Cargo Tunnel can also remove many cars from the roads, which directly results in saved lives, avoided injuries, reduced greenhouse gases, less dependence on foreign oil, reduced need to widen freeways, less pollution, and less wear and tear on vehicles.
The total economic cost of motor vehicle accidents in the US in 2000 was $230.568 Billion. If Cargo Tunnel can reduce the number of auto accidents by 10 percent, a savings to society of over $20 Billion a year will result. This savings alone can offset a large fraction of the cost of Cargo Tunnel construction.
Clearly, the long term benefits of Cargo Tunnel, while considerable, are difficult to completely envision at this time.
Cargo Tunnel is a transportation technology for the movement of goods using automated vehicles operating in tunnels. Access cabinets will be located in or near homes and businesses, and the Cargo Tunnel system will automatically transport standardized containers from originating cabinets to destination cabinets. The system is sized for the movement of typical household items, such as groceries, clothing, and mail.
Cargo Tunnel includes:
- main tunnels under the existing streets containing a track system
- lateral tunnels branching off from the main tunnels
- access cabinets at the end of lateral tunnels in or near homes and businesses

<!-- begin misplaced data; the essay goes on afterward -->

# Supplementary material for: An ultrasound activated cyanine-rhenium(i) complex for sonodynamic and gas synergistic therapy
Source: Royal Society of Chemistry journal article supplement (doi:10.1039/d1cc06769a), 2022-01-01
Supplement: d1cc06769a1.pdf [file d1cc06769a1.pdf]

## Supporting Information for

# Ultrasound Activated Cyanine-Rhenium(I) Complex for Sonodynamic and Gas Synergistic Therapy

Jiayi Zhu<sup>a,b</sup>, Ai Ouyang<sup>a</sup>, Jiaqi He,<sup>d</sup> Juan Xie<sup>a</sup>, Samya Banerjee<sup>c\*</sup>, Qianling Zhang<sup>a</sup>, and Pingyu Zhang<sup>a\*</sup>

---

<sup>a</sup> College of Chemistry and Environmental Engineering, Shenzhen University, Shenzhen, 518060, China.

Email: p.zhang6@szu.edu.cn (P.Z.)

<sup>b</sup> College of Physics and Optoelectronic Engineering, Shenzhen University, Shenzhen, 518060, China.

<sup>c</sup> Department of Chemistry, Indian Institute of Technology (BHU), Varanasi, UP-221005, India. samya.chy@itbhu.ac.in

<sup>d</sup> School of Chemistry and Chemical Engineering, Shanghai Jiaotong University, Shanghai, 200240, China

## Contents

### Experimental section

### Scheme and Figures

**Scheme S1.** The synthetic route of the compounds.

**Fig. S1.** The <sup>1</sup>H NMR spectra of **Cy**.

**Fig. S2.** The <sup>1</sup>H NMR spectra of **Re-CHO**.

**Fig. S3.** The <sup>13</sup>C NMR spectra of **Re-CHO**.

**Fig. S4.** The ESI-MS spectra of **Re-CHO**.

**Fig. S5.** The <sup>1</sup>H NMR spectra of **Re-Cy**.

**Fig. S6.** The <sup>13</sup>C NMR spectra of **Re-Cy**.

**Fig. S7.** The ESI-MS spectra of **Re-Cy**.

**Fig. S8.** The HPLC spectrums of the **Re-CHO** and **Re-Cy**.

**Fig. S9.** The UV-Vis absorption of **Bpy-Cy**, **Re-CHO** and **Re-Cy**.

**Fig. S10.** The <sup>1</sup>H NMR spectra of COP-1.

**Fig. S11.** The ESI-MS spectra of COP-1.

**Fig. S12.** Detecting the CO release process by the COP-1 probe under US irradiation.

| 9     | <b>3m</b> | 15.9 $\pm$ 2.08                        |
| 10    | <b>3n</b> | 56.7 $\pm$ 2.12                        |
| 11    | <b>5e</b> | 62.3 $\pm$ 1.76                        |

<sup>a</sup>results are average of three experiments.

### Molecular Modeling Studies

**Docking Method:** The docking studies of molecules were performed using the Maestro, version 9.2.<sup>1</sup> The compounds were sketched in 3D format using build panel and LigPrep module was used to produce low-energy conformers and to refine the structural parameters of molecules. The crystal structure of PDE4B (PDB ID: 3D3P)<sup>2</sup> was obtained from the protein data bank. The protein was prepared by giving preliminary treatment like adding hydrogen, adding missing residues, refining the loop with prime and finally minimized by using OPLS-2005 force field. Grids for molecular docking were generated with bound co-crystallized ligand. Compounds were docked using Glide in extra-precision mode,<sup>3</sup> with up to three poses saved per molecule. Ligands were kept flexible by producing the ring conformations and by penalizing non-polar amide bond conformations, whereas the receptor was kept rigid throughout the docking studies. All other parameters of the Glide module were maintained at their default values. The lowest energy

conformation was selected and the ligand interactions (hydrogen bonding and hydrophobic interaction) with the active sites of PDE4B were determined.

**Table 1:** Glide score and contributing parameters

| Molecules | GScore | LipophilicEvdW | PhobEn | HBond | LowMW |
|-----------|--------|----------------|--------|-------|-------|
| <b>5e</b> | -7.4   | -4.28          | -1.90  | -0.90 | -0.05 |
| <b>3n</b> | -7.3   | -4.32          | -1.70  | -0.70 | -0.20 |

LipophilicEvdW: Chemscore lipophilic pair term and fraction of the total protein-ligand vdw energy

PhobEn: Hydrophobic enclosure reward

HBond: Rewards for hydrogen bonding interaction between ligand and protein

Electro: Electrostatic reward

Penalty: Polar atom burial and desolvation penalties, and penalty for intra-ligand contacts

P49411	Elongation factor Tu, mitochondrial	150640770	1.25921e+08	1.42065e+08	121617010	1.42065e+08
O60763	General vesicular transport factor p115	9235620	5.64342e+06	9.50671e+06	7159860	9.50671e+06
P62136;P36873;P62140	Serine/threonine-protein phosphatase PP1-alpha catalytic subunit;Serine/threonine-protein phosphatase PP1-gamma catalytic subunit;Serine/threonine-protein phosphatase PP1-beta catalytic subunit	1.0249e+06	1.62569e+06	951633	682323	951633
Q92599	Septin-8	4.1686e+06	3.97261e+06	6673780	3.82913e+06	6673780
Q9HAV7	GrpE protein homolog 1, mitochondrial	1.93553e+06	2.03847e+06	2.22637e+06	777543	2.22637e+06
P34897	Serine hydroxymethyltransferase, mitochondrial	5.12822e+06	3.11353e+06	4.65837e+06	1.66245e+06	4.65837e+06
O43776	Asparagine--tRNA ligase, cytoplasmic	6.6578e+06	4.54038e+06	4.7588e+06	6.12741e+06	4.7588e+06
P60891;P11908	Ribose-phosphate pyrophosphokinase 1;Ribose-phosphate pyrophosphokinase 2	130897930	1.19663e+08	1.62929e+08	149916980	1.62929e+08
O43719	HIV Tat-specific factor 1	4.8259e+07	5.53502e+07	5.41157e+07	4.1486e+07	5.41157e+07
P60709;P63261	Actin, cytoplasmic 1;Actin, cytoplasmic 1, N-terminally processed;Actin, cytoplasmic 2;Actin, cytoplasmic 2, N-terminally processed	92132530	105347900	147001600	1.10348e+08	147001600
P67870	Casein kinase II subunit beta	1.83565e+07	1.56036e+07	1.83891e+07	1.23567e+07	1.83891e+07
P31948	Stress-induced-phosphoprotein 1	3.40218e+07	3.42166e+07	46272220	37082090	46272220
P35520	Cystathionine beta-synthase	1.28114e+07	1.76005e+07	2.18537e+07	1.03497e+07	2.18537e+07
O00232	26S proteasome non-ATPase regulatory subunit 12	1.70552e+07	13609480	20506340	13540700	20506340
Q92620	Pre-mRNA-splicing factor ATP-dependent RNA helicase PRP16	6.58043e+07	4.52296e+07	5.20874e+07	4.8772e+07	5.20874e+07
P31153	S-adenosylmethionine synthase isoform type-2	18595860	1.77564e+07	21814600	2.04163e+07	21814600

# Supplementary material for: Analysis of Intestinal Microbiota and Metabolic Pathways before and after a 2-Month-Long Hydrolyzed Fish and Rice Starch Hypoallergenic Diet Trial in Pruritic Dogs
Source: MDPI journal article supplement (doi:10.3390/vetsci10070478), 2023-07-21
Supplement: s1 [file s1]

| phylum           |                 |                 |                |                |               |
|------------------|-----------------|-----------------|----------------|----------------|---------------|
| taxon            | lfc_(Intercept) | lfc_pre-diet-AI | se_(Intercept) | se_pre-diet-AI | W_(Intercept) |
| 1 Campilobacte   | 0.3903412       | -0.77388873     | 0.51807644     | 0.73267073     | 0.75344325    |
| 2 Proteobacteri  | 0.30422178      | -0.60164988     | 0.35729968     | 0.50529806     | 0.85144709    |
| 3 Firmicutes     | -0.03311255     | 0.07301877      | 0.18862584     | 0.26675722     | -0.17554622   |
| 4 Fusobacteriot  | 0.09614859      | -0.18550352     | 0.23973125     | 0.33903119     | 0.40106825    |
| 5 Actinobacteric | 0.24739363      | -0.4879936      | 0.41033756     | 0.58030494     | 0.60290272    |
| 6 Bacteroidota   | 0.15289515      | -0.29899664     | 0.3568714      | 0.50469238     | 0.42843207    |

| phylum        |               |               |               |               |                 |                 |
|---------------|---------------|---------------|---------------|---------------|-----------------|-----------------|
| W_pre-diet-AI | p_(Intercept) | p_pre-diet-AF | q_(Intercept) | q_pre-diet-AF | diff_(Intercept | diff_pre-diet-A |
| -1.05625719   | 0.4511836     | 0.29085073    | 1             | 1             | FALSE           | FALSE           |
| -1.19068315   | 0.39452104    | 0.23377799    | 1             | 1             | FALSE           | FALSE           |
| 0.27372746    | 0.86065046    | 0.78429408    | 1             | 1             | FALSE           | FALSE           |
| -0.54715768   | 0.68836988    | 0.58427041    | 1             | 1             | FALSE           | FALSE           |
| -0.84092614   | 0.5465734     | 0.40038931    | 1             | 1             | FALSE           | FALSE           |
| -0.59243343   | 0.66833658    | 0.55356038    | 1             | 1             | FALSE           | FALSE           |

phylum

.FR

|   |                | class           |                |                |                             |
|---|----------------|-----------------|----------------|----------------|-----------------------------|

- standardized containers to hold goods
- automated vehicles for moving containers
- construction, operation, and maintenance facilities
The standardized container is an upright cylinder, 18 inches in diameter and 18 inches tall. It is made of plastic, and has a lid which fits tightly. When the lid is in place, the container is airtight, except for a small breather opening in the lid to allow for expansion and contraction of the air in the container due to changes in elevation, temperature, and barometric pressure.
The main tunnels are 4 feet in internal diameter. They will generally be placed under existing streets, either through surface excavation, or preferably by tunneling. Each main tunnel contains an electrified track system. Automated vehicles travel on these tracks. Access cabinets are located at the end of lateral tunnels. Each lateral tunnel is 3 feet in interior diameter.